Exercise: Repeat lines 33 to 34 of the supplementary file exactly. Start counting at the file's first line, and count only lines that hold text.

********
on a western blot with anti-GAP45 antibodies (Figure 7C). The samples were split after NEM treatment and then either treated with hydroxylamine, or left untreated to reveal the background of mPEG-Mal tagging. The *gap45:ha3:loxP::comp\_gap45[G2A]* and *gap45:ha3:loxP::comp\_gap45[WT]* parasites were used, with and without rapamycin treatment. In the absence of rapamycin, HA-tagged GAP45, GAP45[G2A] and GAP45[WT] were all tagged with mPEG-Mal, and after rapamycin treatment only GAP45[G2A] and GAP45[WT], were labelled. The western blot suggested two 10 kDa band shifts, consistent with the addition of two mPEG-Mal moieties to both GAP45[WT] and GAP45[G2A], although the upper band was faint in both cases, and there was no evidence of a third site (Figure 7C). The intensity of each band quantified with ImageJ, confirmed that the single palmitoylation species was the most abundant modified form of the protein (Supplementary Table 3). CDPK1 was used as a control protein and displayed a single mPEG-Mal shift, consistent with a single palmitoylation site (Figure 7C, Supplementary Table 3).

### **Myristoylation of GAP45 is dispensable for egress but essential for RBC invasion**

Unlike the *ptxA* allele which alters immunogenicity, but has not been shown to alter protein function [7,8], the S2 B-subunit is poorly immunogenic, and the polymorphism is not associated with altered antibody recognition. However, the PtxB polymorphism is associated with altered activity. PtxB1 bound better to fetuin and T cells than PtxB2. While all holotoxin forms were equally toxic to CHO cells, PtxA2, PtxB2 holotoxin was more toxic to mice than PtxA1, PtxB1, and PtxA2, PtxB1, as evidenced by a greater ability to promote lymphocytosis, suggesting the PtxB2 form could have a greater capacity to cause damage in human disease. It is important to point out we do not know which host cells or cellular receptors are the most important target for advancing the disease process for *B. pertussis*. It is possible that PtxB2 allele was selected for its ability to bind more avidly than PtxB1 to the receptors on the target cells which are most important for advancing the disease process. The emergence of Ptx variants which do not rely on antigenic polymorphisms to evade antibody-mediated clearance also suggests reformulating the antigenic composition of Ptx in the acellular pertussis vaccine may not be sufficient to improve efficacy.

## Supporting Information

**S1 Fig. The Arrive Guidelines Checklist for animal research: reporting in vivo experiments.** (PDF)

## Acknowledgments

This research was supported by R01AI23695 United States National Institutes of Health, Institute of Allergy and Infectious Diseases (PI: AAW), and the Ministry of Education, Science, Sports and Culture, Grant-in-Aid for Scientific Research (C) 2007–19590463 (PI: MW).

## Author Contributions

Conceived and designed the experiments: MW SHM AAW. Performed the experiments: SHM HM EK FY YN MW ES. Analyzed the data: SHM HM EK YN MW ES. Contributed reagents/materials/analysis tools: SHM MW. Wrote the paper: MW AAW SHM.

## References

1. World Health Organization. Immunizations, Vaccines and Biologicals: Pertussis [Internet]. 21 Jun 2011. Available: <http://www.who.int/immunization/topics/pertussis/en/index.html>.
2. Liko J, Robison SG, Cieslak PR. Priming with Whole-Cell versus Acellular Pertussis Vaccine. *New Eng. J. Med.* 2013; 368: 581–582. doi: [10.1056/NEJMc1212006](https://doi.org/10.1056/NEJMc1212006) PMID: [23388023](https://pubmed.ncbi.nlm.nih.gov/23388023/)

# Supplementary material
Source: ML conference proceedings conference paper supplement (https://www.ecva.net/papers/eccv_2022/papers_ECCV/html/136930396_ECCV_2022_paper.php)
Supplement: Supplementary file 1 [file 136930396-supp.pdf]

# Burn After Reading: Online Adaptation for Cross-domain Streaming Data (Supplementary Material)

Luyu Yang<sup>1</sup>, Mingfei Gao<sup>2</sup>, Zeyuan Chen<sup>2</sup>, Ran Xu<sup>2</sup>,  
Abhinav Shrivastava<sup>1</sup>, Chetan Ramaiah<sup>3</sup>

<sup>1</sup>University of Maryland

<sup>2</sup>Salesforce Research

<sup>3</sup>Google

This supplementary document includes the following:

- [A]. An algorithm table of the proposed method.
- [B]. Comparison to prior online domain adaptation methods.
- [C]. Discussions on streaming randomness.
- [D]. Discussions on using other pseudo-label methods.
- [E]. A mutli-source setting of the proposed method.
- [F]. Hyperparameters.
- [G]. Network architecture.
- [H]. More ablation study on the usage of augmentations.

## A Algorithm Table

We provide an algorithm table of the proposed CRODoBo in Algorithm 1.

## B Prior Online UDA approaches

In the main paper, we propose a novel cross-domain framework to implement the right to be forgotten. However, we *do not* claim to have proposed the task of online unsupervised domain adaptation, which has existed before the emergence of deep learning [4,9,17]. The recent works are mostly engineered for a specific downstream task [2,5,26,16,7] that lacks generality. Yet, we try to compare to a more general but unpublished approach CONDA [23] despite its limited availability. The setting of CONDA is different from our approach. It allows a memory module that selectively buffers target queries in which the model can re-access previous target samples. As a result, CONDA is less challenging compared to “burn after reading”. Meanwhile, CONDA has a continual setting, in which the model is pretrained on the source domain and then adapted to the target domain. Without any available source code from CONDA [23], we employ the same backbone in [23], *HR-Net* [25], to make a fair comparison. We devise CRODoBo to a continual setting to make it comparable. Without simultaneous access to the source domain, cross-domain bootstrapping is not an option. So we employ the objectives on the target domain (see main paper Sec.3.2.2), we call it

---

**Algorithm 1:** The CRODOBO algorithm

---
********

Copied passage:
## B Prior Online UDA approaches

In the main paper, we propose a novel cross-domain framework to implement the right to be forgotten. However, we *do not* claim to have proposed the task of online unsupervised domain adaptation, which has existed before the emergence of deep learning [4,9,17]. The recent works are mostly engineered for a specific downstream task [2,5,26,16,7] that lacks generality. Yet, we try to compare to a more general but unpublished approach CONDA [23] despite its limited availability. The setting of CONDA is different from our approach. It allows a memory module that selectively buffers target queries in which the model can re-access previous target samples. As a result, CONDA is less challenging compared to “burn after reading”. Meanwhile, CONDA has a continual setting, in which the model is pretrained on the source domain and then adapted to the target domain. Without any available source code from CONDA [23], we employ the same backbone in [23], *HR-Net* [25], to make a fair comparison. We devise CRODoBo to a continual setting to make it comparable. Without simultaneous access to the source domain, cross-domain bootstrapping is not an option. So we employ the objectives on the target domain (see main paper Sec.3.2.2), we call it